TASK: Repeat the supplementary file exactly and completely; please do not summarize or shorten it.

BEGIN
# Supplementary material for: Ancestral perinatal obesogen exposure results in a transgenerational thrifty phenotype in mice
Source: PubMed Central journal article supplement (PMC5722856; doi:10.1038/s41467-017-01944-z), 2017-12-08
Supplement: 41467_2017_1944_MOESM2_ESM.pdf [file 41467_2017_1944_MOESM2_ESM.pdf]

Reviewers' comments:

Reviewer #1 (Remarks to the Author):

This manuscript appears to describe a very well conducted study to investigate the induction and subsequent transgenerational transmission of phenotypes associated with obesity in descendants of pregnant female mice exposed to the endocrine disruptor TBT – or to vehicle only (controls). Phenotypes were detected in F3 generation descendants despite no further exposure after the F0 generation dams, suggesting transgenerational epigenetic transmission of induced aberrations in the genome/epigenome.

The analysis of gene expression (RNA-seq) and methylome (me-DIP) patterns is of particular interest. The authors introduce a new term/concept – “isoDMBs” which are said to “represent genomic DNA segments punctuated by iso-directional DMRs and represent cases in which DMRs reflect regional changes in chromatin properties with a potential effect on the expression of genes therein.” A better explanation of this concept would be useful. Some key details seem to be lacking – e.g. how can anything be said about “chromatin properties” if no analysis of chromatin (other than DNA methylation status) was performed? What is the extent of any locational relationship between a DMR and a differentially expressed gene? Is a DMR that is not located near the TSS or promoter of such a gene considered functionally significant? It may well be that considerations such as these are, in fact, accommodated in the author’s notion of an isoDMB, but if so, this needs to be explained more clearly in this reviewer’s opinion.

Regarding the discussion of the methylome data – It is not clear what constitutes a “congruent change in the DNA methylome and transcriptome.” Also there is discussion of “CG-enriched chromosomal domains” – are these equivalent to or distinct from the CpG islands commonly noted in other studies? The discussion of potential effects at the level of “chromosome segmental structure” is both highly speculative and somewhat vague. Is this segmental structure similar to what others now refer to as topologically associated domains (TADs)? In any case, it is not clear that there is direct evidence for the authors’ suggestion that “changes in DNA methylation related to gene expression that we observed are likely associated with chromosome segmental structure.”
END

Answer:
# Supplementary material for: Ancestral perinatal obesogen exposure results in a transgenerational thrifty phenotype in mice
Source: PubMed Central journal article supplement (PMC5722856; doi:10.1038/s41467-017-01944-z), 2017-12-08
Supplement: 41467_2017_1944_MOESM2_ESM.pdf [file 41467_2017_1944_MOESM2_ESM.pdf]

Reviewers' comments:

Reviewer #1 (Remarks to the Author):

This manuscript appears to describe a very well conducted study to investigate the induction and subsequent transgenerational transmission of phenotypes associated with obesity in descendants of pregnant female mice exposed to the endocrine disruptor TBT – or to vehicle only (controls). Phenotypes were detected in F3 generation descendants despite no further exposure after the F0 generation dams, suggesting transgenerational epigenetic transmission of induced aberrations in the genome/epigenome.

The analysis of gene expression (RNA-seq) and methylome (me-DIP) patterns is of particular interest. The authors introduce a new term/concept – “isoDMBs” which are said to “represent genomic DNA segments punctuated by iso-directional DMRs and represent cases in which DMRs reflect regional changes in chromatin properties with a potential effect on the expression of genes therein.” A better explanation of this concept would be useful. Some key details seem to be lacking – e.g. how can anything be said about “chromatin properties” if no analysis of chromatin (other than DNA methylation status) was performed? What is the extent of any locational relationship between a DMR and a differentially expressed gene? Is a DMR that is not located near the TSS or promoter of such a gene considered functionally significant? It may well be that considerations such as these are, in fact, accommodated in the author’s notion of an isoDMB, but if so, this needs to be explained more clearly in this reviewer’s opinion.

Regarding the discussion of the methylome data – It is not clear what constitutes a “congruent change in the DNA methylome and transcriptome.” Also there is discussion of “CG-enriched chromosomal domains” – are these equivalent to or distinct from the CpG islands commonly noted in other studies? The discussion of potential effects at the level of “chromosome segmental structure” is both highly speculative and somewhat vague. Is this segmental structure similar to what others now refer to as topologically associated domains (TADs)? In any case, it is not clear that there is direct evidence for the authors’ suggestion that “changes in DNA methylation related to gene expression that we observed are likely associated with chromosome segmental structure.”